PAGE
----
Corsi can only be tracked back to 2007-08 when the NHL began providing detailed play-by-play of its games, meaning hockey fans will never know the rating for legends like Wayne Gretzky, Orr, Gordie Howe and the like...

The Top 3 Corsi players in the NHL in five-on-give situations this season were:
1. Patrice Bergeron, Boston (61.2%);
2. Jake Muzzin, Los Angeles (61.1%) and
3. Anze Kopitar, Los Angeles (61.0%).

L.A. (56.7%), Chicago (55.2%) and San Jose (54.6%) had the top team Corsi ratings.

They do a ton of other analytical work but, again, they aren’t going to offer up a lot to non-clients in a public forum.

"We take all this raw data and put it into a model or ‘black box’ and out comes some derived statistics that when you look at them in relative terms they more accurately describe what’s going on in the game or what a player is doing from a productivity standpoint," said Mongeon from his office in St. Catharines. "That then allows management better evaluate the players on the team.

"It’s just a different way to look at existing players and players across the league."

What Mongeon and Boyle find now is that with so much information out there and more clubs buying in to the power of analytics, they are doing more and more consulting for teams.

Essentially, they are hearing from sports-management types who are asking for help to just weed through all the stuff that is out there, how to determine what it all means and then use it effectively — if at all.

"A lot of teams are stumbling their way to it," explained Boyle, from his office in Salt Lake City. "Look across the different leagues, look at baseball, at football and basketball... we’re seeing people getting hired in analytics, but he often has other responsibilities. If you look at the head of analytics for any major league baseball team he has engineers working for him. I’m not saying you’ve got to go big, but you can’t take something that is of high importance to you and then stuff it down to the lowest guy on the totem pole and ask him to do five other things at the same time.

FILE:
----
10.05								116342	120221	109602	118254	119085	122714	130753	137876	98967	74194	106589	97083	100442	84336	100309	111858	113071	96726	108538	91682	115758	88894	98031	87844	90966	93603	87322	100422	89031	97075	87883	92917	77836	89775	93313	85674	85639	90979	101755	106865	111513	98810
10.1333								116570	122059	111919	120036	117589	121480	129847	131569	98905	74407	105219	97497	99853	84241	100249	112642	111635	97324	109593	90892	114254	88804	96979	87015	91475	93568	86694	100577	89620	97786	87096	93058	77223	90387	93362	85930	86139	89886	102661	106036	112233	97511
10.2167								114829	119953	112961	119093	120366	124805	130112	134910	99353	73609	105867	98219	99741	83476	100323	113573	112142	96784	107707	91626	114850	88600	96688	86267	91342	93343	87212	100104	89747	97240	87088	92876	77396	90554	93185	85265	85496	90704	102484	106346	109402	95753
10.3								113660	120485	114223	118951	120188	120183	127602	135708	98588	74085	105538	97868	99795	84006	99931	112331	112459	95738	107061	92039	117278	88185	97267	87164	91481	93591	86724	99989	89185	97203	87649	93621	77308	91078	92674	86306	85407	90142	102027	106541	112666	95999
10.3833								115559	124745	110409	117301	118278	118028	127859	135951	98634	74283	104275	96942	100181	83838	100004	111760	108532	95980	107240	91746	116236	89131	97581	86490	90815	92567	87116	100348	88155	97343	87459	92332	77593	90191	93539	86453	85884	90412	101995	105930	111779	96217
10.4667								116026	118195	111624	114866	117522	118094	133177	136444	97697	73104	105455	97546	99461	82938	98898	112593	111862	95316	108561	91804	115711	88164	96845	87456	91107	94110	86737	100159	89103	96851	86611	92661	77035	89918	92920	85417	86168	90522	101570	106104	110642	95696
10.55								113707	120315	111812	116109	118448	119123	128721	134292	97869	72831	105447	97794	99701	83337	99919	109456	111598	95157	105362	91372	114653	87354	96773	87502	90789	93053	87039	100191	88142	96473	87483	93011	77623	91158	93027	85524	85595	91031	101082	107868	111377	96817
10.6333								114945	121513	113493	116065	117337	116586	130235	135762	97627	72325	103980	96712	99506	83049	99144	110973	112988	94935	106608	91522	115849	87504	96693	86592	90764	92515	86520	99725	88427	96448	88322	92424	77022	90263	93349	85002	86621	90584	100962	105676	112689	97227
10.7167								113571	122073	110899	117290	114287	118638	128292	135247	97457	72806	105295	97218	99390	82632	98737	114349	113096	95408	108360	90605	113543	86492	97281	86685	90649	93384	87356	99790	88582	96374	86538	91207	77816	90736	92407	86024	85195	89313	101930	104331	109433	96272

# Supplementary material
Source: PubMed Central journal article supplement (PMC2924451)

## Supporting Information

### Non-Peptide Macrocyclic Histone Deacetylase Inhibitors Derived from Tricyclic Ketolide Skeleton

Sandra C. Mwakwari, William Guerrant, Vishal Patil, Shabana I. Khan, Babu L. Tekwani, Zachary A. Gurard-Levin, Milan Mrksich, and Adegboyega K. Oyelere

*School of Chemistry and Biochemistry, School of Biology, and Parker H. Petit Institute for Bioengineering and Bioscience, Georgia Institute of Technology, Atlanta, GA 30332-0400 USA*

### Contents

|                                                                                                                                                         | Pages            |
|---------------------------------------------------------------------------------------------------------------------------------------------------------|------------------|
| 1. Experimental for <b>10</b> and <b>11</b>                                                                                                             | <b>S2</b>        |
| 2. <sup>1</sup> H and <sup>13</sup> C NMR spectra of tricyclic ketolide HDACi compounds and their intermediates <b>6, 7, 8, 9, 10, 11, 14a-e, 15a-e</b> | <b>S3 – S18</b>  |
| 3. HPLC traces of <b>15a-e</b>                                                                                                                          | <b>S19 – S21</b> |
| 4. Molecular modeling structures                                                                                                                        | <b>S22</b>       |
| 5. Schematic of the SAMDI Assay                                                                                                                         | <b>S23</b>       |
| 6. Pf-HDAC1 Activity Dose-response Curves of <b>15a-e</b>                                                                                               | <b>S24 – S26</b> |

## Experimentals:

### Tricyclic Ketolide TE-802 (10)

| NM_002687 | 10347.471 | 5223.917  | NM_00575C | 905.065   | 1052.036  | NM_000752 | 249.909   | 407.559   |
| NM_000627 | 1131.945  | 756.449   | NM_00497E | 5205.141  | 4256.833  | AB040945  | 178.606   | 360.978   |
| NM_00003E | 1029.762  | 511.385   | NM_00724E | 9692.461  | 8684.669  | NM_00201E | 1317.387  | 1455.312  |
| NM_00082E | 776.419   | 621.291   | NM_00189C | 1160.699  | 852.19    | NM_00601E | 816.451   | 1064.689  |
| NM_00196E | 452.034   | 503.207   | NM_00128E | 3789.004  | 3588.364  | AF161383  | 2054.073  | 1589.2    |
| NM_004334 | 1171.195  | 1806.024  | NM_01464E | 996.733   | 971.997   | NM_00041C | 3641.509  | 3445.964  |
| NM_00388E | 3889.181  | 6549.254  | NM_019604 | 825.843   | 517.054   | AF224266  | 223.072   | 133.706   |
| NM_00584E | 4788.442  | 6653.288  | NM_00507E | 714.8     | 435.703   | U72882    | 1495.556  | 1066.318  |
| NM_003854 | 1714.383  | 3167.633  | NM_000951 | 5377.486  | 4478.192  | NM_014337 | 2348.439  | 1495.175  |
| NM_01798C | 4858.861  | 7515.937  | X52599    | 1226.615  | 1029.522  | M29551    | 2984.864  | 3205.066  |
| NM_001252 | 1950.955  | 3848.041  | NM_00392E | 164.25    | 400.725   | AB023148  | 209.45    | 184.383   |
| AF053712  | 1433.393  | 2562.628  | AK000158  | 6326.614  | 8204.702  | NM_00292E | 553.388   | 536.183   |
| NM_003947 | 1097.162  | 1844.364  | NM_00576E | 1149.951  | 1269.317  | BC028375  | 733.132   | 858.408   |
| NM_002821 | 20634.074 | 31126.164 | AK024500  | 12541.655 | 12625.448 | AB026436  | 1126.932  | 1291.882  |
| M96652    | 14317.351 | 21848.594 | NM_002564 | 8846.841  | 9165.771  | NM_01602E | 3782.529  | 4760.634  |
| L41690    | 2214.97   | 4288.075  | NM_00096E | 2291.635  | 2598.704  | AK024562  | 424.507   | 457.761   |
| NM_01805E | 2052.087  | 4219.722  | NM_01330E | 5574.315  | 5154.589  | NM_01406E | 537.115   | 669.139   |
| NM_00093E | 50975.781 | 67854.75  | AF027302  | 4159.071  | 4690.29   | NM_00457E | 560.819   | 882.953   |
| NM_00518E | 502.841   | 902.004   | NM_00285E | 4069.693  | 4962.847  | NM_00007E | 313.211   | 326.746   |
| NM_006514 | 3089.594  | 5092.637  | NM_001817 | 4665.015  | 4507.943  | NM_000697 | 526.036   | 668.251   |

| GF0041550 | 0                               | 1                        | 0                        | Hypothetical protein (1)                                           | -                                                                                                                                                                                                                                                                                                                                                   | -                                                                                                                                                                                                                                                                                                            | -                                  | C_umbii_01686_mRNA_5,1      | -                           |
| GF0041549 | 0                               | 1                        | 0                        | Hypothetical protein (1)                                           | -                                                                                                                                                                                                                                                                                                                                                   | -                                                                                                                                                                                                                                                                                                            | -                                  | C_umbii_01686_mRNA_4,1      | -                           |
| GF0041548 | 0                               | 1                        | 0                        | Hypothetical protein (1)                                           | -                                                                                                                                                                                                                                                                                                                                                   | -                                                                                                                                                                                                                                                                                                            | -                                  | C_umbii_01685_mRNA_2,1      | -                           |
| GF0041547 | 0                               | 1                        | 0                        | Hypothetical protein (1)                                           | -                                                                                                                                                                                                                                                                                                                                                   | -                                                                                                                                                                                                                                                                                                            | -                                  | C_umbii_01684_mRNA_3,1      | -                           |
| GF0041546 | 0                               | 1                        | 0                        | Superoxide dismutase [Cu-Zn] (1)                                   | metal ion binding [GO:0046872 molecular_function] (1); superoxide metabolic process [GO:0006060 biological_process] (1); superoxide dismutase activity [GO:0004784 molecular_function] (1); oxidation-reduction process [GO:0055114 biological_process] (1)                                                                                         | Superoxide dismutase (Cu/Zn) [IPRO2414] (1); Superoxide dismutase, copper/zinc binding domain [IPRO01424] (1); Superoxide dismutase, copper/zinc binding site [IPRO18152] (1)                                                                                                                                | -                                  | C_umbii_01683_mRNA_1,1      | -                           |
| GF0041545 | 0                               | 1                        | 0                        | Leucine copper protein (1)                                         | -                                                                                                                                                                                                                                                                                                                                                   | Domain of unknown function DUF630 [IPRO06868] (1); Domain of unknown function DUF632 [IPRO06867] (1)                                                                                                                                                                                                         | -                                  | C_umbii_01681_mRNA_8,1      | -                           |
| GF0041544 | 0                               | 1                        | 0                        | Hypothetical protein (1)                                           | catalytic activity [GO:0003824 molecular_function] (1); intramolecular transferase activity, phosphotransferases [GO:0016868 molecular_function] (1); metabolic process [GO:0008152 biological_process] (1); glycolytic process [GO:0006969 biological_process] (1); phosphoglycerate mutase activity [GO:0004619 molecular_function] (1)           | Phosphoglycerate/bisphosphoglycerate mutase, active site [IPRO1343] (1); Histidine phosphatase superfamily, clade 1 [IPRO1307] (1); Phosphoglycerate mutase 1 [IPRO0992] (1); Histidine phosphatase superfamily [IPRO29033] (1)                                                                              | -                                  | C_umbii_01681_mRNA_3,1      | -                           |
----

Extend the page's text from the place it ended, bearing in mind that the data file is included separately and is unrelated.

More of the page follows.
"Now, some of the best teams in the best leagues have reached out to us for this help. We had a conversation with a top team in another league, not hockey, and they asked us for help. They said, ‘We’ve hit a plateau. We need to get better.’ But yet we have conversations in the NHL where it’s ‘You need to give me this. I know what I want.’ I’m like, ‘Respectfully, I don’t think so...’

"This is the way most teams have gone about addressing their analytical approach: we got a ton of calls after Moneyball, the movie, came out. Owners were saying ‘What’s your Moneyball approach?’ But, at the end of day, I often heard something like, ‘I just need to have some sort of analytics so that I’m covered’ as opposed to embracing it as an approach. That’s changing now. It’s like a lot of us: our parents taught us a lot of things growing up, but we had to learn a lot of them again for ourselves.

"The NHL started later than Major League Baseball," Boyle added, "and if they were thinking clearly they would hire people from NFL and MLB to help them and give themselves a shot in the arm and skip through some of the mistakes they would make along the way. Hockey has an advantage in terms of being able to see into the future. Maybe it’s moving faster than we think. But we need a team to go out there and say, ‘It’s good for all of us as a sport if we’re all using analytics, but we’ll just continue to maintain our lead by hiring the best talent and having an analytic agenda than the other organizations.’

"Right now it’s as if somebody has the Colonel’s secret recipe and it’s about how long can they hold onto it."